Los Angeles-based photographer David Yoon has always loved the city, but yearned to live car-free (good luck on that buddy!). Well he managed to accomplish that goal…in Tokyo. No, not in the City of Angels, but the longing survived. So now he uses his digital camera, laptop, Photoshop and Wacom tablet to transform the city he lives in into the city he’d like to live in, tightening up the wide car-first boulevards into closely knit pedestrian-first promenades. Although the urban engineering alterations would lay havoc on traffic, it certainly would make our fair city a more beautiful, unsprawled, walk- and bike-friendly metropolis. NarrowStreetsLA is his venue for his fantasy urban makeover photographs, well worth a gander…

What was the inspiration for your Narrow Streets project? What was the epiphany that brought it into existence?
I was walking along Montana Avenue [in Santa Monica] during a 4th of July holiday weekend one day. Everyone was out of town; the city was free of traffic. The street itself was almost totally car-free, and the sudden void made me realize how much asphalt we reserve for the singular purpose of auto travel: a swath six cars wide. And yet many would consider Montana to be a small, “cute” local street. But I’d just come back from Paris, so I guess my calibration was thrown off by 10 days of super charming, super narrow streets. So I thought, why not bring Paris to Montana? Street-narrowing quickly became a compulsive habit.

Worldwide, where have you gone that most fulfills your attraction to narrow streets, or fills you with glee?
I lived in Japan for four years, finally fulfilling my wish to live car-free — a wish I’ve had ever since growing up in the car-crazy maze of Orange County, where I would routinely drive two miles just to play video games at the 7-11. I also went to Venice, Italy recently, only overnight. I could stay there for months. Maybe I will!

Hit the Jump to continue the Q&A with David Yoon…


“I’d love to see more casual, whimsical mashups of our urban environments…most people care more about their city surroundings than they themselves realize.”

I spent my early years in Spain in a small village, and since then small narrow roads have always strongly appealed to me. It’s one of the more esoteric reasons why I’ve always been attracted to the Hollywood Hills area. Is there any area in LA that strikes you for this reason?
I like the Old Bank part of Downtown, and Old Town Pasadena especially. Funny how both those locations have contain the word “old”! Those sorts of areas, however tiny, represent LA’s barri gotics — the timeless, instinctive way of building that people did without thinking before cars arrived with their traffic engineers.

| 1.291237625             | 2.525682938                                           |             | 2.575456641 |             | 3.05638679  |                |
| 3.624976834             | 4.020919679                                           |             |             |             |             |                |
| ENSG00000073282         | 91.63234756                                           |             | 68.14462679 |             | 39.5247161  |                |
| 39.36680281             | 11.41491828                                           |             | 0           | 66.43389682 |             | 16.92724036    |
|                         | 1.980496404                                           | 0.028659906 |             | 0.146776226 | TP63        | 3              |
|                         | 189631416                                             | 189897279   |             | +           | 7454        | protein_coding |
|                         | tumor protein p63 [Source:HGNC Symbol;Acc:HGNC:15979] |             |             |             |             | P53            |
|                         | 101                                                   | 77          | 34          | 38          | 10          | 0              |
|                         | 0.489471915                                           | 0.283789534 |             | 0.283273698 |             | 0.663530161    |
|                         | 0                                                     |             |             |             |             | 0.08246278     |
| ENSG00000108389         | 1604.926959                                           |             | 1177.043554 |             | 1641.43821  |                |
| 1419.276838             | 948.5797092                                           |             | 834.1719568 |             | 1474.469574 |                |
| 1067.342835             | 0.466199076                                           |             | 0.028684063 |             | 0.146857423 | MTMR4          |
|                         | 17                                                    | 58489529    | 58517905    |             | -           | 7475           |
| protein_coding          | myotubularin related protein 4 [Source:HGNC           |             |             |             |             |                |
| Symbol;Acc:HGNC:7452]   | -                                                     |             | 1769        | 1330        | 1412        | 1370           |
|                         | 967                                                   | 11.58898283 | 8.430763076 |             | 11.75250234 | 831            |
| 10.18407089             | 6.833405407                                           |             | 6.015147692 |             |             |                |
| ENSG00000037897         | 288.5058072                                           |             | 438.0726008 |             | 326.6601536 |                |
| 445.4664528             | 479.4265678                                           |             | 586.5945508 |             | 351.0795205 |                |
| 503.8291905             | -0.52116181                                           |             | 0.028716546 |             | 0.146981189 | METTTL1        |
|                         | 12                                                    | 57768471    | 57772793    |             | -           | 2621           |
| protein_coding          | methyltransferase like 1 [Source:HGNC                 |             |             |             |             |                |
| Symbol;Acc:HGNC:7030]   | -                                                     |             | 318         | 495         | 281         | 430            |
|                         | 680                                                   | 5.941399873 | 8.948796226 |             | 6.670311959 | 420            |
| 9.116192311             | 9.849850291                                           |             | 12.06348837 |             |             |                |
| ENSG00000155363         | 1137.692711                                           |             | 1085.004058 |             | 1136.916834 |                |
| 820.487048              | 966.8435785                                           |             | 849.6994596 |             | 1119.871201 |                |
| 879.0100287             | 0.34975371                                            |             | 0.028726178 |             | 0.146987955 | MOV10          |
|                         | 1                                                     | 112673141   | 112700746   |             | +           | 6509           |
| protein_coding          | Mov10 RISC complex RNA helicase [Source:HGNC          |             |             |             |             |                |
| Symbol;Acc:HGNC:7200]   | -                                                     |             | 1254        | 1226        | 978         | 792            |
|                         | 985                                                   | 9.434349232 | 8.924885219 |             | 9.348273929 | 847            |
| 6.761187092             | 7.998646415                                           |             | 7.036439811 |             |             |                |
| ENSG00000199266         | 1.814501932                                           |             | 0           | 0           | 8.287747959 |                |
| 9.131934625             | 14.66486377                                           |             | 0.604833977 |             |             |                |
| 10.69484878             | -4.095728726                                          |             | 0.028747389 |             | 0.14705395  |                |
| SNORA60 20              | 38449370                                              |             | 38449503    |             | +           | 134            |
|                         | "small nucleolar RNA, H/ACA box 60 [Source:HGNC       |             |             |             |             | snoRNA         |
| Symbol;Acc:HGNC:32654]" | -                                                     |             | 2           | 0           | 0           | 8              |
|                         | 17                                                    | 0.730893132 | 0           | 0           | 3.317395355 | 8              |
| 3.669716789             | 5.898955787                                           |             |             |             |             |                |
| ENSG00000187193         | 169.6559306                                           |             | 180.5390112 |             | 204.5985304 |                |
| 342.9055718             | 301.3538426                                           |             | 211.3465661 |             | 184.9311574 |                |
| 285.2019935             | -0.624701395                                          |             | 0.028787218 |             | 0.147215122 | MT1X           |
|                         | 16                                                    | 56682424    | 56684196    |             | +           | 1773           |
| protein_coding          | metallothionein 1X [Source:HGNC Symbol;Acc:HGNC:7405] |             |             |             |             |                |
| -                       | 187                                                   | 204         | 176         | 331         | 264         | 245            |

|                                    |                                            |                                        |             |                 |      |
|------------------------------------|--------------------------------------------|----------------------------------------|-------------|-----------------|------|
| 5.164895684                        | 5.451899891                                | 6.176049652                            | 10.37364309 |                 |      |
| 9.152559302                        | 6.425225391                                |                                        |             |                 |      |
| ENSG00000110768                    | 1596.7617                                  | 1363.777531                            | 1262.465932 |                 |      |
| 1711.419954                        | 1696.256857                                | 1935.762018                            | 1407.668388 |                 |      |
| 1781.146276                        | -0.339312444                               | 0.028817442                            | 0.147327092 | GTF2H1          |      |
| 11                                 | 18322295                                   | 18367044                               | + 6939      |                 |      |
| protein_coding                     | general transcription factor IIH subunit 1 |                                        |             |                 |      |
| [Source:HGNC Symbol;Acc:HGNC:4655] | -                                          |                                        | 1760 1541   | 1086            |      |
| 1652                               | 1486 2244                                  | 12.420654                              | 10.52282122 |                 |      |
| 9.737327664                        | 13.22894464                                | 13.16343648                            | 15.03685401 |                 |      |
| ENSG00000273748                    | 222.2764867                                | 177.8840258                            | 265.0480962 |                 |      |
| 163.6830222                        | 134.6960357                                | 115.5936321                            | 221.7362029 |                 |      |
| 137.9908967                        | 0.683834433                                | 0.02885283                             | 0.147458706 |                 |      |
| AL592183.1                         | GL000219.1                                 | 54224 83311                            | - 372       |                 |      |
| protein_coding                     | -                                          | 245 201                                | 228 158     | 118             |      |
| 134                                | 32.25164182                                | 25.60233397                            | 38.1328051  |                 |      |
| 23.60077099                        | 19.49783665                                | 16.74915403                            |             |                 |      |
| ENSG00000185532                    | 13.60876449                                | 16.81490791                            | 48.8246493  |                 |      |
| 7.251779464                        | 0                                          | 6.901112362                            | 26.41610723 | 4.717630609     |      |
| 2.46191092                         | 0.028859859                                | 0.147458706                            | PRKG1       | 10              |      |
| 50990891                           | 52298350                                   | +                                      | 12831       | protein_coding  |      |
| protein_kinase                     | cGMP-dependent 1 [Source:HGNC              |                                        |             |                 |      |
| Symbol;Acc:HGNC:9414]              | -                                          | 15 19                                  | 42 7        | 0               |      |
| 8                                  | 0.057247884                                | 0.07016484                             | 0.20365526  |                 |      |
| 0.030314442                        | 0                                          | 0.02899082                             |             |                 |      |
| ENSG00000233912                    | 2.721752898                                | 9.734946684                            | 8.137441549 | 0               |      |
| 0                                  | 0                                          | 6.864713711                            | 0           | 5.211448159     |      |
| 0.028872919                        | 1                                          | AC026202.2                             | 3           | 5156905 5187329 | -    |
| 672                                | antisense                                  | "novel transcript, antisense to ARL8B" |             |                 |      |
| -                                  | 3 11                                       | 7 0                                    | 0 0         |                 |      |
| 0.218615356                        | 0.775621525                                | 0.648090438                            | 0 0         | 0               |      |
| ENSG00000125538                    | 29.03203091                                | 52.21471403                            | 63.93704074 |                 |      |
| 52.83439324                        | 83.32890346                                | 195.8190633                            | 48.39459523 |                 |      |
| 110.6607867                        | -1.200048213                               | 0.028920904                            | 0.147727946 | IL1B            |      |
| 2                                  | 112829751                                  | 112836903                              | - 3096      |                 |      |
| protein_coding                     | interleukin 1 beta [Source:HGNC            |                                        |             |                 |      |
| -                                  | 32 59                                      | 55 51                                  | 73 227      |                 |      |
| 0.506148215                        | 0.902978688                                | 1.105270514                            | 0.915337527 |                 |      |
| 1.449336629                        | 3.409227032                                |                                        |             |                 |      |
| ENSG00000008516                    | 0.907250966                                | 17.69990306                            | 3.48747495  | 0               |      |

What do you hope to gain from the project? Is there a “sustainability” factor involved?
Mostly what I’d love to see happen is more casual, whimsical mashups of our urban environments. My photos draw out passion from both sides: those who hate it, and those who love it. The point seems to be that most people care about their city surroundings more than they themselves reailze. We already spend hours and hours sketching out makeovers for our homes, interiors, the next big Apple gadget, and even our bodies. Why not do the same for urban design? The current visual discourse is still pretty confined to ivory tower status — it’d be great if more ordinary citizens played around more with the design of their neighborhoods. Sure, some ideas would be bad, crazy, outrageous…but I think the more discourse, the better.

What’s your technique? How long does it usually take you to assemble one of your images?
I head out to locations early in the morning on Sundays, before traffic picks up. I have to do it then because taking these pictures requires me to stand in the middle of the street, which is kind of nerve-wracking in a way — but thrilling, too! Standing in a space normally dedicated to neverending travel, you realize the lack of quiet, open places in which to simply loiter.

Anyway, my wife usually spots me. I take a shot along the left side, mark lines on my viewfinder with a wet-erase marker for the sake of composition, and dash across the street to take another shot from the opposite side. I layer the two images later in Photoshop (with small Wacom tablet) and use the lasso, brush, and mask tools to create as seamless an image as possible. The easy, single-point perspective ones take about 15 minutes, but the more complex ones (like one involving shrinking all four points of an intersection) can take an hour or more.

Do you often work with music in the background? If so, what inspires your work or makes the labor more endurable?
I usually listen to whatever pops up on the iPod. The Shins are a favorite, or Erlend Oye, Vampire Weekend, Nine Inch Nails, or The Futureheads. Pan Sonic makes me drop everything and become catatonic.

Lastly, if you were lost in a supermarket, in what aisle would we find you?
I wouldn’t be in an aisle. I’d be in the walk-in cooler behind the milk and orange juice, going “boo!” to every customer who reached in.

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